Over the past four decades, prevention science has grown steadily, producing evidence-based practices and policies that prevent negative medical, social and emotional impacts before they occur. Increasingly, the Penn State-led National Prevention Science Coalition to Improve Lives(NPSC) is being recognized for its work translating science to policymakers, educators, practitioners and communities.
Diana Fishbein, professor of human development and family studies at Penn State and president and co-director of the NPSC, said that the goal of the coalition is to improve lives by preventing social ills and promoting well-being by translating scientific knowledge into effective and sustainable practices, systems and policies.
“I founded the coalition six years ago while at RTI International, an independent, nonprofit research institute dedicated to improving the human condition based out of North Carolina,” said Fishbein. “I received a National Institutes of Health grant to develop a national conference series gathering scientists and agency representatives to begin a conversation about translating science to policy. The NPSC was formed to formalize the association of conference participants on social issues such as mental health, poverty and juvenile justice.”
Fishbein also was a co-investigator on a grant from the Obama administration’s Promise Neighborhoods initiative to uplift impoverished neighborhoods.
“When the grant ended we wanted to continue to translate our research to impact communities,” Fishbein said.
Currently, the coalition is largely a volunteer 501c3 nonprofit organization but receives foundation funding for various projects. It includes more than 700 members and is comprised of an interdisciplinary group of scientists, educators, community stakeholders, policymakers, advocates and foundation representatives. Additionally, there is a contingent of 59 Penn State researchers and graduate students who are members.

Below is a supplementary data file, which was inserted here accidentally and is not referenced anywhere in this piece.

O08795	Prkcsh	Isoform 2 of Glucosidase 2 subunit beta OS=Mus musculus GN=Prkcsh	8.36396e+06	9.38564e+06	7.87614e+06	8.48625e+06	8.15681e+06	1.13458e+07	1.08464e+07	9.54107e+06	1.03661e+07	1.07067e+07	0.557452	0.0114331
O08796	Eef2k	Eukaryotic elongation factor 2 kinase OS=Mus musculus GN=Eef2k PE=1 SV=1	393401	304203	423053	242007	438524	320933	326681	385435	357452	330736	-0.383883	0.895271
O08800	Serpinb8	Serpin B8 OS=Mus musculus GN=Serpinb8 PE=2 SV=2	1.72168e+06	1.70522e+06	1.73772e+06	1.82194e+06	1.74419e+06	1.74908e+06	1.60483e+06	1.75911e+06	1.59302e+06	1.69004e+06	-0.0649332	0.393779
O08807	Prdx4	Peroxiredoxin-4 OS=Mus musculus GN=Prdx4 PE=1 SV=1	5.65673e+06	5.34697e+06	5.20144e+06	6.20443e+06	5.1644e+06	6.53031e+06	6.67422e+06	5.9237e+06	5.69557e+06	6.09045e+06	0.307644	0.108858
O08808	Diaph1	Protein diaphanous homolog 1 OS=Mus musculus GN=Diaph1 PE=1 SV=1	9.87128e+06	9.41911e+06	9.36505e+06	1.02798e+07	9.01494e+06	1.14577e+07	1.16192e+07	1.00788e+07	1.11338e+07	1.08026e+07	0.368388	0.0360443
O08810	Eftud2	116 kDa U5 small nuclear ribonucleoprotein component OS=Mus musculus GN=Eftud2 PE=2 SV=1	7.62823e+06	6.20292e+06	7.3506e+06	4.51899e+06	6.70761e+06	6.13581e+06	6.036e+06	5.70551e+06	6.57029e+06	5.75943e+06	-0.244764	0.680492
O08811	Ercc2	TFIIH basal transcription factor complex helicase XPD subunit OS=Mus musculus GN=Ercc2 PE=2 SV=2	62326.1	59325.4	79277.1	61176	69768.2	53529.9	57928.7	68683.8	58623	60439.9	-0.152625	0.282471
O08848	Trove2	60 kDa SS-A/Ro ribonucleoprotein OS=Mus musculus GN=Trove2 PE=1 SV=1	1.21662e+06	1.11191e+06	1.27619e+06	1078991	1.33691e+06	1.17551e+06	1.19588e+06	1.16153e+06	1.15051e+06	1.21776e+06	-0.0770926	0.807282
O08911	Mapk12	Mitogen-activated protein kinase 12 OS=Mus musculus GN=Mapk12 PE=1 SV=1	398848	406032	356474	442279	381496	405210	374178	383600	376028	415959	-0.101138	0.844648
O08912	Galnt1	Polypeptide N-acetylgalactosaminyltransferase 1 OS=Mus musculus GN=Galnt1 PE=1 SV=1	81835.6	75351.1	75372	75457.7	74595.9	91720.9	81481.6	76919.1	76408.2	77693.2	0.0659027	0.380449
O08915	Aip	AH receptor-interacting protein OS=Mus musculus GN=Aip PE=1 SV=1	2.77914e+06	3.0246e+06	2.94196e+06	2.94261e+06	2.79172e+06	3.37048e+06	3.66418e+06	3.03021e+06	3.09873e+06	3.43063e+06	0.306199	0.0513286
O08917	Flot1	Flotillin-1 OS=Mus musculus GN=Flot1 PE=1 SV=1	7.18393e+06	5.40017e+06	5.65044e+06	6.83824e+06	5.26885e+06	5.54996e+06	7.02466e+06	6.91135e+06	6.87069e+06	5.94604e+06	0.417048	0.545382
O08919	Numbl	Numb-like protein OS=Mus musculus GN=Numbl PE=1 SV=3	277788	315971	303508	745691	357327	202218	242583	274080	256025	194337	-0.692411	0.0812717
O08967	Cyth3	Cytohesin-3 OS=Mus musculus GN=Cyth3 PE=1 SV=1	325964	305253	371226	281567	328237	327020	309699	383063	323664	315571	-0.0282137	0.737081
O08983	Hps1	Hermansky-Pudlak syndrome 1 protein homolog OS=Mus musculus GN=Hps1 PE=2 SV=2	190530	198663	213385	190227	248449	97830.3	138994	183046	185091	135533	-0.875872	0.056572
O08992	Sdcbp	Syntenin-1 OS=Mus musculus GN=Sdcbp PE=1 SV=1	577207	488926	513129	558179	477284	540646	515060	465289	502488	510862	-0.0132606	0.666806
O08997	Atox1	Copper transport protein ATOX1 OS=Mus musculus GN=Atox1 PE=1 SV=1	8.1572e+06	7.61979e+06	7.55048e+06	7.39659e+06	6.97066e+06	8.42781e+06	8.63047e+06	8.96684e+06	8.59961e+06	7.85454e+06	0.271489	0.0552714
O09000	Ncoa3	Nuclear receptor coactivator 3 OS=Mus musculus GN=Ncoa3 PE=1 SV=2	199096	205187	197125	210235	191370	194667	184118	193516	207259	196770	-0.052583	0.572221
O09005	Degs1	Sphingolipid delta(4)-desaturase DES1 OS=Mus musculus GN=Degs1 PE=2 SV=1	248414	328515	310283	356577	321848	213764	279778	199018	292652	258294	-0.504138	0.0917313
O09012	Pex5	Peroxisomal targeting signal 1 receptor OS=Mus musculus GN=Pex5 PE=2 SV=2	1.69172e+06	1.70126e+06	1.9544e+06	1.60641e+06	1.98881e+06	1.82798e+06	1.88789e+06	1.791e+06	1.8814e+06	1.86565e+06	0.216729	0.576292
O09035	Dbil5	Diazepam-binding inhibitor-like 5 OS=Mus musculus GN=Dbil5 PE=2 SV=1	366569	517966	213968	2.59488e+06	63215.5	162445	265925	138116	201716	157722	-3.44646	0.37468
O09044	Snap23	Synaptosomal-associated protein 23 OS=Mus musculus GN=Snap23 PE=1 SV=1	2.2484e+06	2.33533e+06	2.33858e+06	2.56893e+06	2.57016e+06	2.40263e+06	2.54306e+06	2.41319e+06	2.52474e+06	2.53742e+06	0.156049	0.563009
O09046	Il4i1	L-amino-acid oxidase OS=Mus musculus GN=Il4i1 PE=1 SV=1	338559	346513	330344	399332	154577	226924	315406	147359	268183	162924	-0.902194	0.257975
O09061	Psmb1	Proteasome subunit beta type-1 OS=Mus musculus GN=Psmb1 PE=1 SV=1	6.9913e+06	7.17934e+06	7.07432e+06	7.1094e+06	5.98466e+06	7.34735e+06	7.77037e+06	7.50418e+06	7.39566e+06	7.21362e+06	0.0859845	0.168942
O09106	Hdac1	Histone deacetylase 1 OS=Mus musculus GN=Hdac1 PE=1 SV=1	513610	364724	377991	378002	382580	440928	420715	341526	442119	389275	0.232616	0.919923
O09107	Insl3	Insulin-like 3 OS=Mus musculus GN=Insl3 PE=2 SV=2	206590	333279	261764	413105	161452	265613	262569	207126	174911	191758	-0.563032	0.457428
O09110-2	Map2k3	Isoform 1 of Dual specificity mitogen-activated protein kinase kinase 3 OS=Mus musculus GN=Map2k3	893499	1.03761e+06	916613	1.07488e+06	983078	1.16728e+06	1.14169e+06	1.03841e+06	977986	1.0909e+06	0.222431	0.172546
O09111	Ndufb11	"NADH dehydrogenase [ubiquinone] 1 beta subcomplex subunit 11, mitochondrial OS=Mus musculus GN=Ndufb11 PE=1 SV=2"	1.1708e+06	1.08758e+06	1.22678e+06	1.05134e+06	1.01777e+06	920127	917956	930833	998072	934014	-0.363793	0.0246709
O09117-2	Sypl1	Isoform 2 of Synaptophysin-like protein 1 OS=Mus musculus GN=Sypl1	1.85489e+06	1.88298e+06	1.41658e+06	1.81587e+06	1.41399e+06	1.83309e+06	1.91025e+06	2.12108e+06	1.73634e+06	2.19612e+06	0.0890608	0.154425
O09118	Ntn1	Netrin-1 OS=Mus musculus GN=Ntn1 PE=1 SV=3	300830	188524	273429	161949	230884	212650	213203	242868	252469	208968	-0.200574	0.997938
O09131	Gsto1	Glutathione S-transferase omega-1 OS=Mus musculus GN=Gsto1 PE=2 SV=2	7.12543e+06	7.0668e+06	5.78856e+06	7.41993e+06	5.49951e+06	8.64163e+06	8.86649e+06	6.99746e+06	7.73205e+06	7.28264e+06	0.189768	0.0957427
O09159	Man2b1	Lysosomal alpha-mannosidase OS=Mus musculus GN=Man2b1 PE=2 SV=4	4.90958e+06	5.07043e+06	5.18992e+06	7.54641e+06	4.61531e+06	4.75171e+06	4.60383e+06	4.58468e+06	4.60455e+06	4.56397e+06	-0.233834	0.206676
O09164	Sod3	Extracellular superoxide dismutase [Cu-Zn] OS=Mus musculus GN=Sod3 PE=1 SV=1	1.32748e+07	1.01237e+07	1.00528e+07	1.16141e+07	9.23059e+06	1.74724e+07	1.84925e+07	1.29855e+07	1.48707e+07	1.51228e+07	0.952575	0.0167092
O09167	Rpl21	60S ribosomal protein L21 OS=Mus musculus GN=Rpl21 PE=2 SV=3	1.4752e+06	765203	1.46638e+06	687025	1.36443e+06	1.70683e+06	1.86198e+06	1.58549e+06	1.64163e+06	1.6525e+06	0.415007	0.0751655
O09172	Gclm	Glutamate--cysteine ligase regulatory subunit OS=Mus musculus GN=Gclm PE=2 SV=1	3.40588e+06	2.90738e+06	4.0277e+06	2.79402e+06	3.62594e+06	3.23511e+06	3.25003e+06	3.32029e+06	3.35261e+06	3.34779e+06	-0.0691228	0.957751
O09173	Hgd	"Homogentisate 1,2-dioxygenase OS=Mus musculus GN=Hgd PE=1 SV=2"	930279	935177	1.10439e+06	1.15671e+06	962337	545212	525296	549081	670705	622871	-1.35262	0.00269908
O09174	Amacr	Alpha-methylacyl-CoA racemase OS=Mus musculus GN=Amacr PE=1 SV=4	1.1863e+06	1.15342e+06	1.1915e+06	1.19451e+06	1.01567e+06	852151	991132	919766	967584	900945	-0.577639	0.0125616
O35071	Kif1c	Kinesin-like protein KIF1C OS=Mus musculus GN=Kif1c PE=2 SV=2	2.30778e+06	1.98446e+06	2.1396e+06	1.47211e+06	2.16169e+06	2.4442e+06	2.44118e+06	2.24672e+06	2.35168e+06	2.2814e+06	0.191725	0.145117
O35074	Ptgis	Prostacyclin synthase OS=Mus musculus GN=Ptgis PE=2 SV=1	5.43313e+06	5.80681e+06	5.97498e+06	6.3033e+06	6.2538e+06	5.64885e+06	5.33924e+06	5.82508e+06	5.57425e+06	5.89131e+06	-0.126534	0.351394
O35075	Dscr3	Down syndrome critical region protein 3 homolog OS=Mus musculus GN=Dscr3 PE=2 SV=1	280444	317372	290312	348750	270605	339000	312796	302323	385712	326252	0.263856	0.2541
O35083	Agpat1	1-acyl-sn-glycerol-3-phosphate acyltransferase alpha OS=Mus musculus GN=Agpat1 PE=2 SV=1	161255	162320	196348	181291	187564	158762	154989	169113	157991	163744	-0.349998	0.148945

Fishbein recently received the Presidential Award from the Society for Prevention Research (SPR) in part for her work with the NPSC. Fishbein also received the SPR Public Service Award in 2018 and the SPR Translational Science award in 2017.
Other NPSC board members from Penn State were recognized by the SPR this year as well. Max Crowley, assistant professor of human development and family studies and director of the Social Science Research Institute’s Evidence-to-Impact Collaborative, and Taylor Scott, assistant research professor in the Edna Bennett Pierce Prevention Research Center, were recipients of the SPR’s Public Service Award. Crowley also is one of the founders of the Research-to-Policy Collaboration, which stemmed from the NPSC.
In addition, NPSC board member Will Aldridge, advanced implementation specialist and director of The Impact Center at FPG Child Development Institute at the University of North Carolina, won the SPR Translational Science award.
On an ongoing basis, the NPSC contributes to congressional briefings on a variety of topics.
“Six experts participated in a gun violence prevention briefing after the Parkland school shooting last year, which also included a young survivor and a mother who had lost her daughter in the shooting. This fall, the coalition will be briefing Congress on the differences between substance addiction and substance dependence,” said Fishbein, explaining that there are many people who rely on pain medications to manage chronic pain and are suddenly unable to access the medications they need through legitimate channels. Another NPSC initiative is helping to make sure that the children of substance users are referred to evidence-based programs and services.
Additionally, NPSC writes policy statements for legislators and is developing a congressional prevention science caucus to inform the decision-making process. Members of the group act as legislative consultants to make certain accurate science is being utilized in policymaking.
The NPSC serves as an outreach vehicle to organizational affiliates and communicates science to end users via op-ed pieces, and, new this fall, a webinar series.
“We want to bring the science to life; if we don’t, then we are just publishing for other scientists and not for those who stand to benefit,” Fishbein said.